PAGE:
Washington, 29 March 2001 (RFE/RL) -- The People's Republic of China this week became the 144th country to accede to the International Covenant on Economic, Social and Cultural Rights, but like many countries which have done so, Beijing said would not observe some of the agreement's provisions.
Chinese Permanent Representative to the United Nations Wang Yingfan on 27 March formally notified the UN in New York that the Chinese government had ratified the covenant. But Wang said Beijing does not consider itself bound by the clause specifying that workers have the right to form independent trade unions.
Many governments around the world have praised China for adhering to the 1966 covenant. But human rights groups, led by UN High Commissioner for Human Rights Mary Robinson and the International Labor Organization expressed their disappointment that Beijing is not willing to recognize what most countries around the world now recognize as a fundamental right.
China's Deputy Permanent Representative to the UN Sheng Guofang made it clear why China had ratified the covenant and also why it had refused to accept the provisions on free trade unions. He said that China's failure to do so in the past had been an obstacle to improving relations with many countries, including the United States.
But Sheng noted that "there is a little room for improvement in the human rights situation in every country," but he stressed Beijing is not prepared to allow independent trade unions to compete with the one national trade union organized and controlled by the Communist Party.
China's action is both encouraging and discouraging, but it is not unique. By signing the covenant, Beijing accepts a legal vocabulary that both its own citizens and foreign governments are likely to use to press it for more change, in just the same way that citizens of Soviet bloc countries used the words of the Helsinki Final Act of 1975 to demand and eventually achieve better protection of their rights.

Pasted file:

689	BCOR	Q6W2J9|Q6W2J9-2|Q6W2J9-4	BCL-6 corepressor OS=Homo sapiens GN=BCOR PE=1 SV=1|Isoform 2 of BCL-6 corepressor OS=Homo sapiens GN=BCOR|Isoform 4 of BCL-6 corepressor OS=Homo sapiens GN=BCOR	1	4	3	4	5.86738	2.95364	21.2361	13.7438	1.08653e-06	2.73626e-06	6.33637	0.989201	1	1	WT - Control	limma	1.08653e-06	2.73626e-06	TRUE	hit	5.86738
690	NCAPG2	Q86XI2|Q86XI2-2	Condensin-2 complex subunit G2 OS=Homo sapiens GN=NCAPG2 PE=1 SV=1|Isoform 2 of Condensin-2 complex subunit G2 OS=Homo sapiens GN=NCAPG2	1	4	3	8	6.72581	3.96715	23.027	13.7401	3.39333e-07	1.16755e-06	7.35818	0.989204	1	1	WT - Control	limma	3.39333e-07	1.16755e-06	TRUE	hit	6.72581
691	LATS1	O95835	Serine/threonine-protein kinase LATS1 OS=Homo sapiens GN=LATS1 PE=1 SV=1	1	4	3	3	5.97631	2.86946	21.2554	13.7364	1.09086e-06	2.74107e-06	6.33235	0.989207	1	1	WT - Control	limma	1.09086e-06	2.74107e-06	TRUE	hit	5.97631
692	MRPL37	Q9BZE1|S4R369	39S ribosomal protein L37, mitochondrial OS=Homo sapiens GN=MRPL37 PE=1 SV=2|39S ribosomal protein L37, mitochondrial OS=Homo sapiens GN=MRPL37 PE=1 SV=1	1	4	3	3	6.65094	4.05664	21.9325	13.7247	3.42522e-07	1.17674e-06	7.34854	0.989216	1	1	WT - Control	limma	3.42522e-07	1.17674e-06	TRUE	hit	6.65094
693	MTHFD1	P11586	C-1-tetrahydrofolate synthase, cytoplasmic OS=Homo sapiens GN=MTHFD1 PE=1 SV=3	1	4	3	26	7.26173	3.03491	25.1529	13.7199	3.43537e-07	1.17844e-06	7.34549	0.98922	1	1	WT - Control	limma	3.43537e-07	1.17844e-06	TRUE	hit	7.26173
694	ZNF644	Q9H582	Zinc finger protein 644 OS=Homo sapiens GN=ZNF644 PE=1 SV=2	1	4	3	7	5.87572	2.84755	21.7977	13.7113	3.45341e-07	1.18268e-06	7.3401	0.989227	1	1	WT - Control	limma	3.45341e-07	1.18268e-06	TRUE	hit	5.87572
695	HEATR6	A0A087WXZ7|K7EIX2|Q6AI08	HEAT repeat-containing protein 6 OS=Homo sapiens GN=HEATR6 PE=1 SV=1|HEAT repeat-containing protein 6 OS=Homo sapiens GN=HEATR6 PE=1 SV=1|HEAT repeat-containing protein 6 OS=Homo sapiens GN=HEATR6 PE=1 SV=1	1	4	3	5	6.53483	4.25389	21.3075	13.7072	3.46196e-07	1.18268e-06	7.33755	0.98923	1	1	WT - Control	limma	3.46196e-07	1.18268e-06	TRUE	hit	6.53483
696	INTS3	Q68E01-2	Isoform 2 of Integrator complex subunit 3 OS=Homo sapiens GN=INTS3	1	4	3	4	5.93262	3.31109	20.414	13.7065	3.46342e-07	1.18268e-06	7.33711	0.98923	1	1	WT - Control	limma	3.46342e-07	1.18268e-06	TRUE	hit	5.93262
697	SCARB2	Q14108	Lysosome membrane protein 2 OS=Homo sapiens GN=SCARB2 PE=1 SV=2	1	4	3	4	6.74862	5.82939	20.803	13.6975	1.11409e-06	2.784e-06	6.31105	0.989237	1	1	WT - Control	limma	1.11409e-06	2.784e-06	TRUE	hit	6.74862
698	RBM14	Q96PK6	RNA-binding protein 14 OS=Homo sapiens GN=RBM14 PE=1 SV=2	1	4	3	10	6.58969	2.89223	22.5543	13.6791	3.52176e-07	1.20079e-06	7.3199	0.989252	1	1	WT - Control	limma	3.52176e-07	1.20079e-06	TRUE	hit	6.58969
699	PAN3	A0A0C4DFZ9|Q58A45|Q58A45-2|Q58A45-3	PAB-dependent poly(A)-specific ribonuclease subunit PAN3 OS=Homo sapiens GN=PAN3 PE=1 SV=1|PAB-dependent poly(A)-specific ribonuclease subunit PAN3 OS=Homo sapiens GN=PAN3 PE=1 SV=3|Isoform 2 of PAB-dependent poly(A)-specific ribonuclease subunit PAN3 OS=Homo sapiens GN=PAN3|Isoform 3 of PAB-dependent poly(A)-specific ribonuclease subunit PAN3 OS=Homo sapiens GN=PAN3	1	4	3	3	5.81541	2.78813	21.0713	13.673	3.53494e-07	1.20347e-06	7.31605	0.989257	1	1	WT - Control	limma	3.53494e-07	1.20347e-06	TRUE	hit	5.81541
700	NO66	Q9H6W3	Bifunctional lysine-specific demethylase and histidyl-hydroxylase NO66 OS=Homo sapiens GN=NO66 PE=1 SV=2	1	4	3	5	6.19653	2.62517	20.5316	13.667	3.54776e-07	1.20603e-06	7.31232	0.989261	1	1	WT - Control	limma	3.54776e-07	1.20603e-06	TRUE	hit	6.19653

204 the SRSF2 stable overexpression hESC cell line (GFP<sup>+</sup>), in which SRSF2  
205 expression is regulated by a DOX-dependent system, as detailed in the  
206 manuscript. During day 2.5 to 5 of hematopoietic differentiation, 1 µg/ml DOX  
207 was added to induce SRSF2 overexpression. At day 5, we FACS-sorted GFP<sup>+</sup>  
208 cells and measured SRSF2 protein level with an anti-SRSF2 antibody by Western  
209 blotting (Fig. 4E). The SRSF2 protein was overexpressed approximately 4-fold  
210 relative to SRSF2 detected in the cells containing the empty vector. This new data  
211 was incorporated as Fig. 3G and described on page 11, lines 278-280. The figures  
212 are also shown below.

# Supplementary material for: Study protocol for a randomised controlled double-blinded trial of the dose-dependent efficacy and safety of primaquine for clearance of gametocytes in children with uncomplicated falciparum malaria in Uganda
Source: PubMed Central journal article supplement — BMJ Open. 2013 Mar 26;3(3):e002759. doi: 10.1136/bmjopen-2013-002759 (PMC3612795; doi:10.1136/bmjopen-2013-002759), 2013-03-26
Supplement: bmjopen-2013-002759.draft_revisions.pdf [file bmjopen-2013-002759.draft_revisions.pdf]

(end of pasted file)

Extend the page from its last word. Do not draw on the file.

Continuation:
But by insisting that the Chinese government will not accept one part of the covenant even formally, the Beijing authorities again demonstrate that they are less interested in allowing their citizens to acquire more political and economic rights than they are in appearing to do so for purposes of mollifying foreign governments.
At the same time, the Chinese action is all too familiar. Since the covenant was signed, 39 countries have opted out of one or another of its provisions, refused to sign and ratify it, or signed and then ignored what the covenant requires.
The United States, for example, signed the accord in 1977, but the U.S. Congress has been unwilling to ratify it because of its provisions concerning employment and fair wages as entitlements, something many people in the United States do not accept as guaranteed rights but rather as matters of negotiation and contract.
But even those countries which have signed and ratified the accord without an asterisk have sometimes ignored its provisions. They have agreed to the covenant because major Western governments have indicated that it is important that they do so, but then they have acted however they want, confident that their adherence will be remembered and their violations largely ignored.
It remains to be seen whether China will fall into that category as well or whether its accession to most of the covenant will be used by other governments and its citizenry to demand that it live up not only to the parts of the agreement it has accepted but also to those it has not.
Beijing clearly understands that words do matter, otherwise much of its crackdown against opponents would make no sense. But the words of the covenant to which China has acceded may come to matter in ways that the regime there does not expect or want.